@Raptor99 Great to see your process in steps! This year I plan to make a stronger tasting version with less added sugar and water (there is such variety in recipes online, it's hard to know where to get started!). The current batch is high in alcohol but with somewhat subtle plum taste, so that may not be an ideal combination. Hence why we're thinking of adding some water, but I figured doing that when we drink it instead of before bottling gives the option to add sparkling, which my wife enjoyed in our initial tastings. A Ph meter sound like a good idea indeed. Any typical value range I should look at? I will need some more practice to tell tannin, acid and alcohol apart, so I'll pay some attention to that. Hadn't looked yet at glycerin/lactose, so I'll look into that, great tip! Regarding stabilising the wine: a camden tablet a day before bottling would work too, right?

@sour_grapes Thanks for the welcome. What a great community you have here! I have so much too learn.
 

Steve Wargo

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Background

How we made our first plum wine batch
Last year we moved to a house with a plum tree that treated us generously with ripe and tasty fruit. We froze the leftover fruit (about 20kg) and turned it mid-winter into the beginnings of plum wine. Adding about 12kg (26.5 lbs) of sugar, we ended up with around 40 litres (approx. 10 gallons) with an alcohol percentage of about 14%. The mixture has had enough time to settle and get clear, and the harshest edge of the alcohol is starting to mellow.

The current taste
When we taste the plum wine in its current state, it seems that there is little to no sugar left. I don't think it's an unpleasant taste (my wife and co-winemaker disagrees), but it doesn't feel like a fresh summery fruit wine just yet! We've done some simple experiments mixing lemon juice and sugar into a glass of it, and it gets more interesting that way. Adding some (sparkly) water to reduce the alcohol percentage also seems to fit the subtle plum taste better.

Question(s) on bringing the plum wine to taste

I've bought a few ingredients to try and bring the current strong but flat plum wine into more palatable territory. These include:
  • Tannins from sweet chestnut
  • Tartaric acid
  • Malic acid
  • Citric acid
  • Lactic acid
  • Regular sugar
This is our first time making fruit wine, so I have no idea what the best process is to bring our current creation to a pleasant taste. I imagine we would take small samples (100ml or so) of the wine to experiment with, adding ingredients bit by bit to see when we like it, or when a specific ingredient gets too prominent. But in what order would one add and taste these kinds of ingredients? For example, do you do the sweetening last, or actually first? The same for the other ingredients. And should we experiment with all the acids, are they more or less the same, or is using an equal-parts blend a fine way to get started? Anything we should keep in mind in the way these ingredients may actually change in flavour over time? (A side note: I think we'll bottle the wine at the current alcohol percentage, but dilute it a bit with water/sparkling depending on the mood or occasion)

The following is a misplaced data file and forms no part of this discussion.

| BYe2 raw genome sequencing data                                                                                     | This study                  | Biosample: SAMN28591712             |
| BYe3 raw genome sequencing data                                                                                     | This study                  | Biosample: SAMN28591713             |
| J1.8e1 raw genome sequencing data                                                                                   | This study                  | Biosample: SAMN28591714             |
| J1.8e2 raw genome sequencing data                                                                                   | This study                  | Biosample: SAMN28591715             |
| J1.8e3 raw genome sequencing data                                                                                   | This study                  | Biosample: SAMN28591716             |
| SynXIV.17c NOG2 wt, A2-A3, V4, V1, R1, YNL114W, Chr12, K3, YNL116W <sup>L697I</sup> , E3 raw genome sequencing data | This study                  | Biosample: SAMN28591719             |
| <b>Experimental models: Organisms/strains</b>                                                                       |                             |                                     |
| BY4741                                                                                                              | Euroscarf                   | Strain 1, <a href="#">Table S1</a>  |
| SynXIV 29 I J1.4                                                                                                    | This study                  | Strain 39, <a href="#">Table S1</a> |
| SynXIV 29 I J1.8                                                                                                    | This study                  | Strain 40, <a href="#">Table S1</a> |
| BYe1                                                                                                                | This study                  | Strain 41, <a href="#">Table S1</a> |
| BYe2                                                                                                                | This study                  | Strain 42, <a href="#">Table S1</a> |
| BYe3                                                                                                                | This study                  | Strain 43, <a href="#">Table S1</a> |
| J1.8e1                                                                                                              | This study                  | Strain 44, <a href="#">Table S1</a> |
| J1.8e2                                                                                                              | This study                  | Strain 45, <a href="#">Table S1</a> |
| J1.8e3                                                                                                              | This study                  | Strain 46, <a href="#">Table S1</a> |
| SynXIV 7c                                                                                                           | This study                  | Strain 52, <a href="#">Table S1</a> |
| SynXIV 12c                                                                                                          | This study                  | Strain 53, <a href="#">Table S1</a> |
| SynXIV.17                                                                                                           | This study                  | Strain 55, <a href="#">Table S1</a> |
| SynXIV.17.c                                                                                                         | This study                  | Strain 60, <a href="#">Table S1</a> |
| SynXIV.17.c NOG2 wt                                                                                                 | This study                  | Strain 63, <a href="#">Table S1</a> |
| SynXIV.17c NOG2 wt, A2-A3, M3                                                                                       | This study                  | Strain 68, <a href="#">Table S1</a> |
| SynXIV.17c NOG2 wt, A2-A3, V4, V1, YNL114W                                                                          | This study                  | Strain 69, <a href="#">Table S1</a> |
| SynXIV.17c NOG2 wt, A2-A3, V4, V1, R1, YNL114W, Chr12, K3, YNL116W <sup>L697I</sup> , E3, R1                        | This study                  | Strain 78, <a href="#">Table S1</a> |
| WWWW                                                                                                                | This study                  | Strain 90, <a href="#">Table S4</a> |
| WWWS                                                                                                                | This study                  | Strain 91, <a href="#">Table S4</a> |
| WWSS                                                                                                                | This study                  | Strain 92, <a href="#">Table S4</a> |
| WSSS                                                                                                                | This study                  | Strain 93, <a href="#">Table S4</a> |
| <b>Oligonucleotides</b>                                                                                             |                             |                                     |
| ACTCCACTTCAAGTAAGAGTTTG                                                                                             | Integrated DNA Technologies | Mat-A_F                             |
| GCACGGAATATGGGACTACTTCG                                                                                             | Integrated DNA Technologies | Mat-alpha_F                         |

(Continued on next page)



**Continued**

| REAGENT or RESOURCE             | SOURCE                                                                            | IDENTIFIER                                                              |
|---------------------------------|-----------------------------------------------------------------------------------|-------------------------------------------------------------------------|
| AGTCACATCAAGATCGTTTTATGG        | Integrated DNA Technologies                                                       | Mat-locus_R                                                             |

Any tips and experiences are very welcome!
I hope this explanation was clear, but if you need to know anything more to give answers, please let me know.

Many thanks in advance!

P.S. I've searched on this forum and online for a good "bringing to taste" process for plum wine, but couldn't find any. If you have a good resource on or beyond this site, that would be great too!
Welcome to the site.
 

Raptor99

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Regarding stabilising the wine: a camden tablet a day before bottling would work too, right?
We usually add a Kmeta (or a Campden tablet) before bottling to help protect the wine from oxidation. But if you plan to backsweeten (i.e. add sugar before bottling), you should also add Potassium Sorbate. Together, the Kmeta and K-Sorbate will prevent the added sugar from re-starting fermentation. That is what is usually called "stabilizing" the wine. If you are not going to backsweeten you don't need the Sorbate but should still add the Kmeta.
 

ryanstimmel

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Add prune juice with potassium sorbate to backsweeten. I recently made plum wine and did a number of tasting trials with different juices. All 5 tasters agreed that the prune juice gave it body and enhanced the flavor of the natural plums. The second best thing was to add sugar, but this did not help to enhance the body of the wine like the prune juice did.
 

Wouter